For the lack of something better to do I recently jumped into my flivver and took another spin around Owensboro.
This time, however, the trip has a special reason. I wanted to lay eyes and mind on the many places I worked as a youngster and in early adulthood.
Surprisingly, many of those places no longer existed.
But a few did and my brother’s newspaper route was one of them. That route, from which I was paid an astounding 15 cents a week, covered most of Wing Avenue and some side streets.
And yes, Wing Avenue and those streets look almost exactly like they did some 80 years ago.
My first real salaried job came when Mr. Guy Midkiff hired me to work in his grocery store at Fourth and Pearl streets. That was about 75 years ago and that location now is nothing but a long-standing grass plot. And, if I might add, it’s a sad and lonely plot.
Joe Hagan’s service station was my next job stop and a part of it at Fourth and Center streets still stands.
Home Bakery, where I was a part-time employee cooking donuts, was located across Center Street from Joe’s. It also is now a bare spot.
Moving along, the J&R Five and Dime store, next to the former Citizen’s State Bank on West Main, was my next job. Then owned by M.A. Rhoads, the building now serves as the home of Famous Bistro restaurant.
Also — and in no particular order — I stumbled into jobs at a rather large chair factory that no longer exists, a downtown furniture store that liked to give its location with the popular quip, “fifty steps from Main on Allen.”
There also were jobs at Western Kentucky Recappers at Third and Triplett streets, a grocery store just down the street, both of which are history, S. W. Anderson Department Store in downtown Owensboro that left its Main Street location and eventually went out of business at Towne Square Mall, and finally, the Coca-Cola bottling plant that left its Main Street location for a new site on South Frederica that now houses U.S. Bank.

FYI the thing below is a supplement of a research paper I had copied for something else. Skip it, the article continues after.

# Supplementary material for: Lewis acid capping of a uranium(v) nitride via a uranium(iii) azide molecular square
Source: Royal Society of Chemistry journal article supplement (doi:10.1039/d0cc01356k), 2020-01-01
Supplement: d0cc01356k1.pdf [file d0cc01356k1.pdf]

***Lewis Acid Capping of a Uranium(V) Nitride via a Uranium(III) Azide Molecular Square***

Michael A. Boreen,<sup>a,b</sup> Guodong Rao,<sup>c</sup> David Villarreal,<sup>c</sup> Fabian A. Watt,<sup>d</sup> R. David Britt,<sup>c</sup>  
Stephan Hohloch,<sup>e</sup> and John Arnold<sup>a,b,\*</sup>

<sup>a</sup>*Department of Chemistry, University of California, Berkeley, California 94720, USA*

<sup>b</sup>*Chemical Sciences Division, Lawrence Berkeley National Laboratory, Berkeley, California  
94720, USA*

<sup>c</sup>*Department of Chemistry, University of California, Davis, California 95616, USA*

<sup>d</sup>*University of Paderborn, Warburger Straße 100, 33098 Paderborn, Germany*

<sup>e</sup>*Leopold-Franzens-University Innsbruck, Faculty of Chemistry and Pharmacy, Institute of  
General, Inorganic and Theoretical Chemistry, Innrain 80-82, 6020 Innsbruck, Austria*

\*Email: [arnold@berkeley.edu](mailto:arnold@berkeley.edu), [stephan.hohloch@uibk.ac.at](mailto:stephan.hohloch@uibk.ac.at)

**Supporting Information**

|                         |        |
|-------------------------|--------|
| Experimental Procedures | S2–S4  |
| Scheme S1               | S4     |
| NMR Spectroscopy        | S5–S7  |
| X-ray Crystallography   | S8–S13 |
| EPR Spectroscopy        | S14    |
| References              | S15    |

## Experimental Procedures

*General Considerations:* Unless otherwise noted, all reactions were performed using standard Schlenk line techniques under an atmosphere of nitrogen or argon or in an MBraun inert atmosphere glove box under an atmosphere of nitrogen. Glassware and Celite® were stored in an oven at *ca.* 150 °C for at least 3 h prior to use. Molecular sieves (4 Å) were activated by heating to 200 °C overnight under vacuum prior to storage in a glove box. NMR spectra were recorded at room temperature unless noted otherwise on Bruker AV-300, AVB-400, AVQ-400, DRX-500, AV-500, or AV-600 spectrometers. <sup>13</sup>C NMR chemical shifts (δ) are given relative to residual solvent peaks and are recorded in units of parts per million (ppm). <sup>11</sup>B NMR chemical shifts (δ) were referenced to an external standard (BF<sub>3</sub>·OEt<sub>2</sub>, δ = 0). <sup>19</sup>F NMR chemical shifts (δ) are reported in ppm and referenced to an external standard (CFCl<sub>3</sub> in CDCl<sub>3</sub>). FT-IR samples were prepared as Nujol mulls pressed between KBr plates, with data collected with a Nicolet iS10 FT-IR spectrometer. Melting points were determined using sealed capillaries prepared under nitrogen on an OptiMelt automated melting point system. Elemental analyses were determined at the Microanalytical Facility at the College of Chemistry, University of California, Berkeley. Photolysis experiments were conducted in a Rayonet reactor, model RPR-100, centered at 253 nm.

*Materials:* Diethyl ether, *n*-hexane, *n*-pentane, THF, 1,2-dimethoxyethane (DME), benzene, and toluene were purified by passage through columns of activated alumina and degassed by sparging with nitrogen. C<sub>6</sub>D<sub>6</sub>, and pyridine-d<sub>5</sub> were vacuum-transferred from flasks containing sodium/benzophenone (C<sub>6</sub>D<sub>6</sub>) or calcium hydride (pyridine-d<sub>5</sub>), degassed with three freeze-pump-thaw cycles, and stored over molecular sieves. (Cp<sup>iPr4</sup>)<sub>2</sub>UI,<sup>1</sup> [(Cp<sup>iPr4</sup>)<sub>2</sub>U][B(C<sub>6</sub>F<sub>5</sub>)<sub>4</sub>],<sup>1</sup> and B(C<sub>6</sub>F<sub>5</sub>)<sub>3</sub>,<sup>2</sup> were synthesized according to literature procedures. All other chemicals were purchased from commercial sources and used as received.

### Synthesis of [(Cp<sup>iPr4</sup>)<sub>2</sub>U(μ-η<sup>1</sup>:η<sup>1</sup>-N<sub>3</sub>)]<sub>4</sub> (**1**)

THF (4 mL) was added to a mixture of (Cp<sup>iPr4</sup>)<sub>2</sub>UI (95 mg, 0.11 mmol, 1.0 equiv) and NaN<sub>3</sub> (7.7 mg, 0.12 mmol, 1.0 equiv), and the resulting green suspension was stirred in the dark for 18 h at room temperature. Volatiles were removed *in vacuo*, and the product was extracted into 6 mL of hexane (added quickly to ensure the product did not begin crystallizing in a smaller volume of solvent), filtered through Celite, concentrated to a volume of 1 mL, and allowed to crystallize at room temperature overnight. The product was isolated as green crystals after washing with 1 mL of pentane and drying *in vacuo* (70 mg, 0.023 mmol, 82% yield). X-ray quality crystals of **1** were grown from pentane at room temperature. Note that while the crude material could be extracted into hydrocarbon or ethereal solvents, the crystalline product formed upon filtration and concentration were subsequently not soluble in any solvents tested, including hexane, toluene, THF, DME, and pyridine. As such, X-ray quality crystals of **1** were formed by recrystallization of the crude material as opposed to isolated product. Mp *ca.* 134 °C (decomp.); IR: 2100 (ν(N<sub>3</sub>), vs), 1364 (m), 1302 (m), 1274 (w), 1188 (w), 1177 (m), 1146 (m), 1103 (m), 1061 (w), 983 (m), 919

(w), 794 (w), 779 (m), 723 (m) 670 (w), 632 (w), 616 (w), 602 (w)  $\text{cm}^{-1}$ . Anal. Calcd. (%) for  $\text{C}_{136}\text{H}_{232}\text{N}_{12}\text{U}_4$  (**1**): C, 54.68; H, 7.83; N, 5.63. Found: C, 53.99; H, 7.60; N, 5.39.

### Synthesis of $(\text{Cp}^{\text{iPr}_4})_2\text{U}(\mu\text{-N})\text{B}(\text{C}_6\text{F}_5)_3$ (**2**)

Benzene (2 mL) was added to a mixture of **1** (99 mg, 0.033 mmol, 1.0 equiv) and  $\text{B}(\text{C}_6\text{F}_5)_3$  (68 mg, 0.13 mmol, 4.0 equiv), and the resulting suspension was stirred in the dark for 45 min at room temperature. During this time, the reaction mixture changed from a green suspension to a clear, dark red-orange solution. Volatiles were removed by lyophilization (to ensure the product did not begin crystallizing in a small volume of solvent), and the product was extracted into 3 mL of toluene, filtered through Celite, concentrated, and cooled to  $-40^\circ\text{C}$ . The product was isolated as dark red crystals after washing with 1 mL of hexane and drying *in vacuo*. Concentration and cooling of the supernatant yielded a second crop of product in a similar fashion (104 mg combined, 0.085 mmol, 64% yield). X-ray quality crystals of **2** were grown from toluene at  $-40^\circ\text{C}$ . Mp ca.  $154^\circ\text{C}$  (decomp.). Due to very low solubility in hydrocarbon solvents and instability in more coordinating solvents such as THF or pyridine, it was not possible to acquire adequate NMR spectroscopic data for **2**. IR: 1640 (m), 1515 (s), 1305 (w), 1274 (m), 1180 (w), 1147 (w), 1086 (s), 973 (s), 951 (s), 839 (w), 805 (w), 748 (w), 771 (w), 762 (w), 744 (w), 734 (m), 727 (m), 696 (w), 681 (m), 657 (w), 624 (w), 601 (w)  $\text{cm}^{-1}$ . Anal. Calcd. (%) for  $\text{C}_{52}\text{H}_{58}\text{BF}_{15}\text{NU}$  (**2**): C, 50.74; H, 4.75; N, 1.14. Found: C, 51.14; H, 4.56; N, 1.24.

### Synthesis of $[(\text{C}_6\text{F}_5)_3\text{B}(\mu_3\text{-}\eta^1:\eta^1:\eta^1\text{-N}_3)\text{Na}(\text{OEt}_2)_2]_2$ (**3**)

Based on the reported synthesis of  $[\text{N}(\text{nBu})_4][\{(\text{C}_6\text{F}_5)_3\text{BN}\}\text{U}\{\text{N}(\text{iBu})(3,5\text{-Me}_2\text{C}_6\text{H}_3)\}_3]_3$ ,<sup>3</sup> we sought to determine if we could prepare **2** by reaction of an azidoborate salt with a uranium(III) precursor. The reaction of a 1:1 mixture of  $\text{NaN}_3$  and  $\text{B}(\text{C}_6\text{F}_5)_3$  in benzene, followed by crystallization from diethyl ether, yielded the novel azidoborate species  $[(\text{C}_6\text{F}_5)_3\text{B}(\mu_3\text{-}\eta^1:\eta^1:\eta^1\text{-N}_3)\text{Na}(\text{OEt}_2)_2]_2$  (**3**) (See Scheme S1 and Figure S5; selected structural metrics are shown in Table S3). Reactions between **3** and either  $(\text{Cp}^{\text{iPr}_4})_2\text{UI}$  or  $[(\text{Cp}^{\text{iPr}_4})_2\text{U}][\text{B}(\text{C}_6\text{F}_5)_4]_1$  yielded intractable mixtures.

A lot of job stumbling, right?
I guess that’s OK, in a way.
None of that employment had anything to do with journalism, which I also stumbled into at a newspaper in Kingsport, Tennessee. Along with other newspapers, that vocation lasted for more than 60 years.
So what’s wrong with stumbling?
I’ve touched on this subject before and this time I’m going to pounce on it.
When is the television industry and the people who have a say over the way our English language is supposed to be spoken going to step forward with some needed instruction?
Since my first association with spelling classes in grade school, the word “protection” was spelled just that way, protection.
But don’t try to tell that to a bunch of so-called professionals who insist on pronouncing it pertection.
Sportscasters are notorious for abusing the word, as are countless others on commercials and various other television productions.
Take a listen sometime and see if you don’t agree.